Reading Response 5 – Lindsey Luckevich

I can’t help but be pessimistic about the future of individualism on the internet. I see the potential for Web 3.0 to become a corporate dystopia. Each user is another cog in the machine, another body hooked up to the matrix, and the corporate overlords determine what each user is capable of/has access to. I’m imagining some kind of future where everyone has a bar code attached to all their web posting and everything is monitored by either governments or corporations. I’m imagining all of this run by Gary Oldman’s character in The Fifth Element. I’m probably wrong about this. The internet is probably going to continue to be a place of relative freedom. If Web 2.0 is focused on user-generated content, Web 3.0 will focus on sociality and interaction. Call and return. Web 3.0 may not necessarily be easy to use, but it will be beautiful.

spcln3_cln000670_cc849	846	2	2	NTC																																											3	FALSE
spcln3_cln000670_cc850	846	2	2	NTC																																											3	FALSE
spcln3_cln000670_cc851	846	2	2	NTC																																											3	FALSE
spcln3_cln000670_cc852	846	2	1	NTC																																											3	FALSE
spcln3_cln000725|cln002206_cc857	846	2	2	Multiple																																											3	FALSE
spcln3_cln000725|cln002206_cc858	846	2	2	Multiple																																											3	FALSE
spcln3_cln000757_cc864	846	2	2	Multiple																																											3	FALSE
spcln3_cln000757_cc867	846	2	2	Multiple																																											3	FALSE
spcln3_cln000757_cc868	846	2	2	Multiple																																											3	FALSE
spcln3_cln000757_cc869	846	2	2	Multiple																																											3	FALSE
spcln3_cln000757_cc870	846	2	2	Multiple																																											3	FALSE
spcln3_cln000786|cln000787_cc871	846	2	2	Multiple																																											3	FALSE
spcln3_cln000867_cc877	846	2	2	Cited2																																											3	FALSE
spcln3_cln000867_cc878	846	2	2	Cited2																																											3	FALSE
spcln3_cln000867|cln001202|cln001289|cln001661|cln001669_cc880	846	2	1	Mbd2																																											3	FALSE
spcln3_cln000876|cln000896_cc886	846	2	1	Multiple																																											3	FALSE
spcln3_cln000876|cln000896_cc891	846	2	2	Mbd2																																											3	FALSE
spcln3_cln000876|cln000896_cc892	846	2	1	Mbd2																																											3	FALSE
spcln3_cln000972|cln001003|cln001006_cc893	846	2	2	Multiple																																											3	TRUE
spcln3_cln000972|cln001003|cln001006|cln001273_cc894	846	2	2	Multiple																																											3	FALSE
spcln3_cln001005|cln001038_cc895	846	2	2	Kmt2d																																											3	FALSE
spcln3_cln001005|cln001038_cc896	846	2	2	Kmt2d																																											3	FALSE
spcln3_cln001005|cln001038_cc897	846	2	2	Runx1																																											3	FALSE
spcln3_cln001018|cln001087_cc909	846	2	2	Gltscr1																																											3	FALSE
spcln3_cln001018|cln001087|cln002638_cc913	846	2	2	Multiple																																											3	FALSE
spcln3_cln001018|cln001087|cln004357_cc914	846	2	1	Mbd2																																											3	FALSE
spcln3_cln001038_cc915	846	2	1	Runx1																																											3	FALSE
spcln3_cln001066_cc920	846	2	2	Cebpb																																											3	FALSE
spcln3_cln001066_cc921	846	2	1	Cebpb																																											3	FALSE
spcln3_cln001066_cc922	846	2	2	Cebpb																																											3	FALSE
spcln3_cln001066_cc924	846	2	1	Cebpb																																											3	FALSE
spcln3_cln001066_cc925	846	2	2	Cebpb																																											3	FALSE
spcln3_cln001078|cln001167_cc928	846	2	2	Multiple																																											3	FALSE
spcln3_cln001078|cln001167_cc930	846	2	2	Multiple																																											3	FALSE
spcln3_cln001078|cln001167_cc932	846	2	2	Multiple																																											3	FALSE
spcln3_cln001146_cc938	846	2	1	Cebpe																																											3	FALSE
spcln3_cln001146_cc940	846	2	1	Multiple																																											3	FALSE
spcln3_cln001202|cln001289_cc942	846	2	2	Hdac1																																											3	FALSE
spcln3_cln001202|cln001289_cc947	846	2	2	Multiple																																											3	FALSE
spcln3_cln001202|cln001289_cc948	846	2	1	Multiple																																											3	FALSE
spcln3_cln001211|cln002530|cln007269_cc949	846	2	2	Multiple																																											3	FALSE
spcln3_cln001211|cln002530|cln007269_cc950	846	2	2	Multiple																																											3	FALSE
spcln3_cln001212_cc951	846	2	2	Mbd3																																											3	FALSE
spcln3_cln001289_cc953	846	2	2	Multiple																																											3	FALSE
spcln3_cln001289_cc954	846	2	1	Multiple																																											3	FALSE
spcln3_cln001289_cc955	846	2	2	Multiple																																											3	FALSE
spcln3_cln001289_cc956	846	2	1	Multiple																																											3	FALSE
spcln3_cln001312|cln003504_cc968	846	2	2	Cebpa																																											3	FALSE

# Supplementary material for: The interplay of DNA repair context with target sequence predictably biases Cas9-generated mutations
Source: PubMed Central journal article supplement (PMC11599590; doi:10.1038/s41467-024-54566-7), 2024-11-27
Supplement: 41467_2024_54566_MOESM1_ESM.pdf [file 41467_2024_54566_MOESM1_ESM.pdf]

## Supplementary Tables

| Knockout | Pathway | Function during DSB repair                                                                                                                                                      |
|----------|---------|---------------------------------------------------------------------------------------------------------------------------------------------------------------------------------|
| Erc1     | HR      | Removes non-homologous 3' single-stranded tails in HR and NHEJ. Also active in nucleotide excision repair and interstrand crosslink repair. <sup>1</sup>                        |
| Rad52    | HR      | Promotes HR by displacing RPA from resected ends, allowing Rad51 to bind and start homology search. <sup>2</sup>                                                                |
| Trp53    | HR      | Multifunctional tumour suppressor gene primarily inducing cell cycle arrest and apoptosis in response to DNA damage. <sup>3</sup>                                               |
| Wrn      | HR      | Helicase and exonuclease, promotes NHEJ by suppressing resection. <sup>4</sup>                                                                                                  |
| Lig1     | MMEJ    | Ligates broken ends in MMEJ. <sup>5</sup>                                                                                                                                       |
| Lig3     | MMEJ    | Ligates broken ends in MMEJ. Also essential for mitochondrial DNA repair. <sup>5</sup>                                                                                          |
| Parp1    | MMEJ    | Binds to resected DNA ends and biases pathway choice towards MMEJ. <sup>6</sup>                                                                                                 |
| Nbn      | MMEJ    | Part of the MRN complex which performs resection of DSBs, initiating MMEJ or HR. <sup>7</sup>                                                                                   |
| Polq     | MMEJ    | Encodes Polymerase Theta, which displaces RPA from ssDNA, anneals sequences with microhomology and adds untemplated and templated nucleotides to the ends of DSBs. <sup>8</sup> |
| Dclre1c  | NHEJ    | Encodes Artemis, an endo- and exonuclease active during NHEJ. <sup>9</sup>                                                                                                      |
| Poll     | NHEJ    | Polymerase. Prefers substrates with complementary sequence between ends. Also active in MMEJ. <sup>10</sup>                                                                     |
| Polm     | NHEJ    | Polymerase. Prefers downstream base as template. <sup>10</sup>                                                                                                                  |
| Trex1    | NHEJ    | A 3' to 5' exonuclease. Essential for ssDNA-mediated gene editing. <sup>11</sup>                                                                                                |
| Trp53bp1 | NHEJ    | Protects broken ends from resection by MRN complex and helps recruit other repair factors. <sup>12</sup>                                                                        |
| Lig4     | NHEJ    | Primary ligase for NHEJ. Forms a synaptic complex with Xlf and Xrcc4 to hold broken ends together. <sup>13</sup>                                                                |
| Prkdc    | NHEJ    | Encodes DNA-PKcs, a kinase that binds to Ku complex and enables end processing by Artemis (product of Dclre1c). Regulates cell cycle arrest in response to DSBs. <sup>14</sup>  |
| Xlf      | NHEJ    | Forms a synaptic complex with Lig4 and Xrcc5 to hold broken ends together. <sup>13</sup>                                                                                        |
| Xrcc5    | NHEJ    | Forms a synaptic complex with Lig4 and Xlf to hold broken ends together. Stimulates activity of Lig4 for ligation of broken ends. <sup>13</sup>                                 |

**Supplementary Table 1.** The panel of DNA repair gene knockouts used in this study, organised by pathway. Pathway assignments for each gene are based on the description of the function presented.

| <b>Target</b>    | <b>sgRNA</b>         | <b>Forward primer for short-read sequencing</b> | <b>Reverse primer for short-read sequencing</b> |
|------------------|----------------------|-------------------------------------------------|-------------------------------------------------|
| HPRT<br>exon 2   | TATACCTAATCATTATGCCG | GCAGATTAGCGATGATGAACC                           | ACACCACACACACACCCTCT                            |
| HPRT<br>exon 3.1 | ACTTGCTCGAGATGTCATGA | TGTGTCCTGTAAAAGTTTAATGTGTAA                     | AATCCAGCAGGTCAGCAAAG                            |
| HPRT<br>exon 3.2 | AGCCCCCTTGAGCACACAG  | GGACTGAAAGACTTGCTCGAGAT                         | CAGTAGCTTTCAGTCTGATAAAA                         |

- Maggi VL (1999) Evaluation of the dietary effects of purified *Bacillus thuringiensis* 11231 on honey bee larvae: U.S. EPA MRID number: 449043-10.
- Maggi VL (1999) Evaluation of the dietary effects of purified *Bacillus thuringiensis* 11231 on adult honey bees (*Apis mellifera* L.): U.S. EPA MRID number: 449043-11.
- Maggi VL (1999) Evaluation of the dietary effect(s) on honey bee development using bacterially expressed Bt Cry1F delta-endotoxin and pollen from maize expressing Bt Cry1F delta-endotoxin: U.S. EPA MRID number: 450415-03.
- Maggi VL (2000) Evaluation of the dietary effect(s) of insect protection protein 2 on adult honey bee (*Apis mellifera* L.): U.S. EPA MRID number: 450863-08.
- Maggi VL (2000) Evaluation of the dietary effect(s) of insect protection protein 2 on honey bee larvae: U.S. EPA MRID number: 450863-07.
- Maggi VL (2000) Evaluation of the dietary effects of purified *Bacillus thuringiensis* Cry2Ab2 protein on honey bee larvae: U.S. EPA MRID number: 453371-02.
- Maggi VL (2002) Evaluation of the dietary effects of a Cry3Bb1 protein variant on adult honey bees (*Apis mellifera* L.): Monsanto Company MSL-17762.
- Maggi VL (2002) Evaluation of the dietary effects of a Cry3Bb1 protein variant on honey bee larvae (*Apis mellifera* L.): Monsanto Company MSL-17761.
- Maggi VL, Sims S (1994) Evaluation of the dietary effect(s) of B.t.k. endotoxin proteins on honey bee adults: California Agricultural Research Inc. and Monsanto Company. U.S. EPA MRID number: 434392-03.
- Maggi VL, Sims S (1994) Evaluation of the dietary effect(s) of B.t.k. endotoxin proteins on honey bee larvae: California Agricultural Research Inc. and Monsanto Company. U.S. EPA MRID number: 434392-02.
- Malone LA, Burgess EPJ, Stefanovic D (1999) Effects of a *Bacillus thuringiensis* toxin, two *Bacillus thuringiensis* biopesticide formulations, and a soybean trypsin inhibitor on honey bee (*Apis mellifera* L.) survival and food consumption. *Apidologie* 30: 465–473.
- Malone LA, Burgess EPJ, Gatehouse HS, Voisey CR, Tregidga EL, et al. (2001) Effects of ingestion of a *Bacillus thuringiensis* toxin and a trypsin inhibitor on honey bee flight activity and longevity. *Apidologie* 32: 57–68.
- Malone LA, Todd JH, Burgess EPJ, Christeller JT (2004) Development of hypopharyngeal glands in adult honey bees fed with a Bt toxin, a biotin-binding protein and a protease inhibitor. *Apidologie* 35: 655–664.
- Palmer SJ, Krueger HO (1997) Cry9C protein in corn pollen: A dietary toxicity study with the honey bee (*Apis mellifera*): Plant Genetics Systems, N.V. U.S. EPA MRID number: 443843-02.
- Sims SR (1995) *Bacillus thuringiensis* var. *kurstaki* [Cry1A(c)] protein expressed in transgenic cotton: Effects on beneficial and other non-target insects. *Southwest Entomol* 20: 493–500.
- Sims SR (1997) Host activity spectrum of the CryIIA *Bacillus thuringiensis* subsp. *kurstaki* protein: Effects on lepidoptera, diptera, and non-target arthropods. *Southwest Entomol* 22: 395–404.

web 3.0 dystopia


where this guy knows everything about you

Anyway, I think it’s important that we, as a networked society, continue to study the intersection of the network with other facets of society. Lovink says “networks are both powerful and dissolve power” (5). Much of history is concerned with the distribution and dissolution of power. Clearly, this is important to pay attention to. How does networking shift power? What does it mean when the majority of internet users are browsing in Asia, but code is written in English?

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